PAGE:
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STARBUCKS COFFEE V. COFFEE ROCKS

On September 12, 2013, Ms. Hasmik Nersesyan applied for the registration of a trademark at the European Union Intellectual Property Office (EUIPO). The services for which registration was sought fall within Class 43 of the Nice Agreement, which includes the description “services for providing beverages.” The application for registration was published on November 26, 2013, in the trademark bulletin and was opposed by Starbucks Corp. on February 25, 2014. The Opposition Division (OD) rejected Starbucks Corp.’s opposition in its entirety. The decision of the OD was appealed to the EUIPO, but the Board of Appeal (BoA) dismissed the appeal filed by Starbucks Corp.

The matter was sent to the European Court of Justice (ECJ), where Starbucks Corp. sought the annulment of the decision of the EUIPO.

The assessment of the CJEU

Global assessment of potential for confusion that may arise from the registration of a similar trademark in the direction of visual, phonetic or conceptual similarity, must is based on the general impression of the signs, by bearing in mind their distinctive and dominant elements. The perception of the signs by the average consumer for the goods and services in question plays a key role in the overall assessment of the likelihood of confusion. Thus, the average consumer typically perceives the sign as a whole, without dwelling on the analysis of details.

From the public’s perspective, two trademarks are considered similar when they are at least partially identical in one or more aspects. Even if the dominant elements (the word STARBUCKS compared to COFFEE ROCKS) are entirely different, it cannot be said that the other elements are insignificant in the general impression created by these marks. Furthermore, both marks use the word “COFFEE” as one of the dominant elements. This element should be taken into consideration regardless of the descriptive nature of the goods/services in question. Although the descriptive elements of a trademark are not usually considered dominant by the public, this does not mean that the descriptive elements are insignificant in the overall impression. Therefore, it is necessary to examine whether other elements of the mark may, in themselves, dominate in the relevant public’s memory for that mark.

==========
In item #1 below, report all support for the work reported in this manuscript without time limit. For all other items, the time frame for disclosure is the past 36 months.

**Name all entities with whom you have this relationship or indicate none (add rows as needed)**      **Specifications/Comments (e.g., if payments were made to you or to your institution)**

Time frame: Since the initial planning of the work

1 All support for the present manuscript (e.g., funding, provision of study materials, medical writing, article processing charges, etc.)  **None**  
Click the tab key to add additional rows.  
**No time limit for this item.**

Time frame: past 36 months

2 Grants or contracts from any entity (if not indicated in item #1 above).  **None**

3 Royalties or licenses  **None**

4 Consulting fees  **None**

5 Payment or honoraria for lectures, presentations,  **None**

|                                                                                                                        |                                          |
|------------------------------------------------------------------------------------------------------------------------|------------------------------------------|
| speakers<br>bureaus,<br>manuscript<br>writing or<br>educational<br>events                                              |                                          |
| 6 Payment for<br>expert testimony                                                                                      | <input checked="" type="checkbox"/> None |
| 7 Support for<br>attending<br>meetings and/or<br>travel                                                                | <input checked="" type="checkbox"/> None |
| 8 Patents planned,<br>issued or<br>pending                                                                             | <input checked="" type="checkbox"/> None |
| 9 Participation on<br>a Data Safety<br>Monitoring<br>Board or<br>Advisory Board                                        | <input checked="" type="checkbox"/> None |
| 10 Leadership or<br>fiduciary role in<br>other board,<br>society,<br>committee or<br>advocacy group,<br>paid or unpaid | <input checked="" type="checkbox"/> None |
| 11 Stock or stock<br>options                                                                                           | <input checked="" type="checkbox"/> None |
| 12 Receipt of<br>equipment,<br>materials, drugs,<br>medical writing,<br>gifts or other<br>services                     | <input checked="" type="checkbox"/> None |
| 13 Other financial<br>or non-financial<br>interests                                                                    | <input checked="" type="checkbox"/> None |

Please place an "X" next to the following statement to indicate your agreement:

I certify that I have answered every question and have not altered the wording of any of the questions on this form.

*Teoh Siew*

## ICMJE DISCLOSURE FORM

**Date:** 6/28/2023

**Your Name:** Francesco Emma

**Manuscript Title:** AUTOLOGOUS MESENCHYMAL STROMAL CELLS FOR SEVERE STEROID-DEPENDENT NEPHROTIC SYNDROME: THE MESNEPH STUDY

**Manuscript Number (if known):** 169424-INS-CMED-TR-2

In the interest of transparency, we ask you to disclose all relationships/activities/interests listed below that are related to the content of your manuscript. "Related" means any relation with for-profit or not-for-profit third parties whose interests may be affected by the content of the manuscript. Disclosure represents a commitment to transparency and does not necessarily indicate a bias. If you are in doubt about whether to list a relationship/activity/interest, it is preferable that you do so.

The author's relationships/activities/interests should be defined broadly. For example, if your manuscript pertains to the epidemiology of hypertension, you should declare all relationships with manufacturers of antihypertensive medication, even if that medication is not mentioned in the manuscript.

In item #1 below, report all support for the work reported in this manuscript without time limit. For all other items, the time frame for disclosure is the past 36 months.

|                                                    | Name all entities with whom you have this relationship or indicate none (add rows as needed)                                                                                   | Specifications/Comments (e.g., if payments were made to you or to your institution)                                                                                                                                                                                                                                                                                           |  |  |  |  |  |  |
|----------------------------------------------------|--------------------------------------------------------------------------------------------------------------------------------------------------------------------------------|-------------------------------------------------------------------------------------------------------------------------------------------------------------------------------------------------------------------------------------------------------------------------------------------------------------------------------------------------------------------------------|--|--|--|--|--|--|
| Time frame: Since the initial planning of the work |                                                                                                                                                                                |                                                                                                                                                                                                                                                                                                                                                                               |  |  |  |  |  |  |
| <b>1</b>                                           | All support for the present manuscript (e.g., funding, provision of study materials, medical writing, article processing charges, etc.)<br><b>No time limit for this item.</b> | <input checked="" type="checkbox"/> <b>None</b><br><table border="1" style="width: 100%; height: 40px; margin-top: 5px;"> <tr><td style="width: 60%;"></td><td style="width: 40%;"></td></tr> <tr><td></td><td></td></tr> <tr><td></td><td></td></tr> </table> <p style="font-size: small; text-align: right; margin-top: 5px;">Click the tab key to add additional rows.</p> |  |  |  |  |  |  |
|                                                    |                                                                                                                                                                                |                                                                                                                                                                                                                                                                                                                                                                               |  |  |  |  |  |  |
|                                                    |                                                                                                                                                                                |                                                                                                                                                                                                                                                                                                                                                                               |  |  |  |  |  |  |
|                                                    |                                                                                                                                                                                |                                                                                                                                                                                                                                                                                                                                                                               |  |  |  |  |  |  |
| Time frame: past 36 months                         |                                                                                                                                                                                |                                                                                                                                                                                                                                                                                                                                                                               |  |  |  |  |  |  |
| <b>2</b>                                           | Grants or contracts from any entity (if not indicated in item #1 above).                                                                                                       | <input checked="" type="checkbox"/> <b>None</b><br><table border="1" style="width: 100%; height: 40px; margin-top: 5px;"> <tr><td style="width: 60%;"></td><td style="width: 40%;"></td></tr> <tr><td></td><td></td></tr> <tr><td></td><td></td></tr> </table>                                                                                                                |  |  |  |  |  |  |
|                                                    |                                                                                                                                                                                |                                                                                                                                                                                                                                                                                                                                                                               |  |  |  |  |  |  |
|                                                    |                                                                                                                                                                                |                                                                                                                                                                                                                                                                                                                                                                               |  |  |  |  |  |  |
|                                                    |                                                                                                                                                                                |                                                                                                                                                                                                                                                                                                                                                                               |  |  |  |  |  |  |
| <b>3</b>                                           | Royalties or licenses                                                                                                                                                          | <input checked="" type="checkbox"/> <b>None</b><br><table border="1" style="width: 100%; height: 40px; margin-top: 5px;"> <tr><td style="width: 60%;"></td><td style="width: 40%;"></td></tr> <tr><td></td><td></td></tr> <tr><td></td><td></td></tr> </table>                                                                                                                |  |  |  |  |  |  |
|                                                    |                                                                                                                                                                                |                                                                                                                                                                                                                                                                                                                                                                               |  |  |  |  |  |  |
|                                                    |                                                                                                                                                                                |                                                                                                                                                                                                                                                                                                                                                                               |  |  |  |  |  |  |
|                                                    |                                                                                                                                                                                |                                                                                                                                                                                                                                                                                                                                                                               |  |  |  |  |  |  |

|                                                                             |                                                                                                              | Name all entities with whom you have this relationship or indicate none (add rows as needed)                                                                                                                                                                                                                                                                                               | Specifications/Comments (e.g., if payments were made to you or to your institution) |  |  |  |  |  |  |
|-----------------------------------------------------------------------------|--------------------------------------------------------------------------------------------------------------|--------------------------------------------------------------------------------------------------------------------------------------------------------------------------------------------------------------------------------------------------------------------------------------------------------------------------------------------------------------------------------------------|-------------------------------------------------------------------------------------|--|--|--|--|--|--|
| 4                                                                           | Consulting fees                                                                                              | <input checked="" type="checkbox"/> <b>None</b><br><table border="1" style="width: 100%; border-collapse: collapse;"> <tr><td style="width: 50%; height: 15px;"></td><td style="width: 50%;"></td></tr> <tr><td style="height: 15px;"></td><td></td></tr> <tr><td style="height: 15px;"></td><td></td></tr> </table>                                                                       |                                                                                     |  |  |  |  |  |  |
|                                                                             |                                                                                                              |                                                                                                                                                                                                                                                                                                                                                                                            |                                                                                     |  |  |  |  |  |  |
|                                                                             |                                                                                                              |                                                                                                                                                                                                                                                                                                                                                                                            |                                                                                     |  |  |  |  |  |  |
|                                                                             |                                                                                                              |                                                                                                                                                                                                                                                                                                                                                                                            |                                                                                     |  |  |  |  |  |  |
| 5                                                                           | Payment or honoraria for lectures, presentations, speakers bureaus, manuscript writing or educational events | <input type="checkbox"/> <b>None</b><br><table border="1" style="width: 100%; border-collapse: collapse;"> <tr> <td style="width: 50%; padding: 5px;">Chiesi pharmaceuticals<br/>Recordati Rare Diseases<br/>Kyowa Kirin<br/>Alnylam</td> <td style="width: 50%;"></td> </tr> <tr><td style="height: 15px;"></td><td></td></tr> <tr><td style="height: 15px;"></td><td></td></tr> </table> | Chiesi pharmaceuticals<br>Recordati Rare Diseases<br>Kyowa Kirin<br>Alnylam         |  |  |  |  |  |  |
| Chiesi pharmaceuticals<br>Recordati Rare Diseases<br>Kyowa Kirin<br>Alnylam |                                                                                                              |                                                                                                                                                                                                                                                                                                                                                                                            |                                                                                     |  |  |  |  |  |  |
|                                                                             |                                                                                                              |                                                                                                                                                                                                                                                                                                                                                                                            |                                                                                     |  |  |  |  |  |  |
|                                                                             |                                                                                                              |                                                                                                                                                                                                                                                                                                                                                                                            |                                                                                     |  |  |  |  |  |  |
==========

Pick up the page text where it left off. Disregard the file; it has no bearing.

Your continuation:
Additionally, the assessment of similarities between trademarks does not require comparing only one component of a trademark with another. In fact, the comparison must be made by examining both marks/each one in its entirety. Only if all other elements of the mark are insignificant, then the assessment of similarity can be based on the dominant element

The CJEU emphasized that the overall assessment of the likelihood of confusion implies a certain interdependence between the similarity of the trademarks and the goods or services covered by them. Therefore, a low degree of similarity between the goods or services may be compensated by a high degree of similarity between the marks, and vice versa.

The interdependence of these factors is expressly mentioned in Recital 8 of the preamble to the EU Regulation on the Trademark of 2009, as amended, according to which the concept of similarity should be interpreted in relation to the likelihood of confusion. The assessment depends on various elements, in particular: the recognition of the trademark in the market, the association that can be made with the sign used or registered, and the degree of similarity between the trademark and the sign sought to be registered and between the identified goods or services.

Recently, the CJEU stated that even though the verbal elements in a mark are, in principle, more distinctive than its figurative elements – the average consumer will still confuse these two marks due to the overall appearance of the signs as a whole, the phonetic similarity of the dominant elements ‘STARBUCKS’ and ‘COFFEE ROCKS’, and due to the word ‘COFFEE’ in both signs, which the relevant public will associate with the concept of a coffee shop.

Thus, the EUIPO Board of Appeal had erred in excluding any similarity between the signs and in particular, and in failing to carry out an overall assessment of the likelihood of confusion. Therefore, the decision of the Board of Appeal was annulled.

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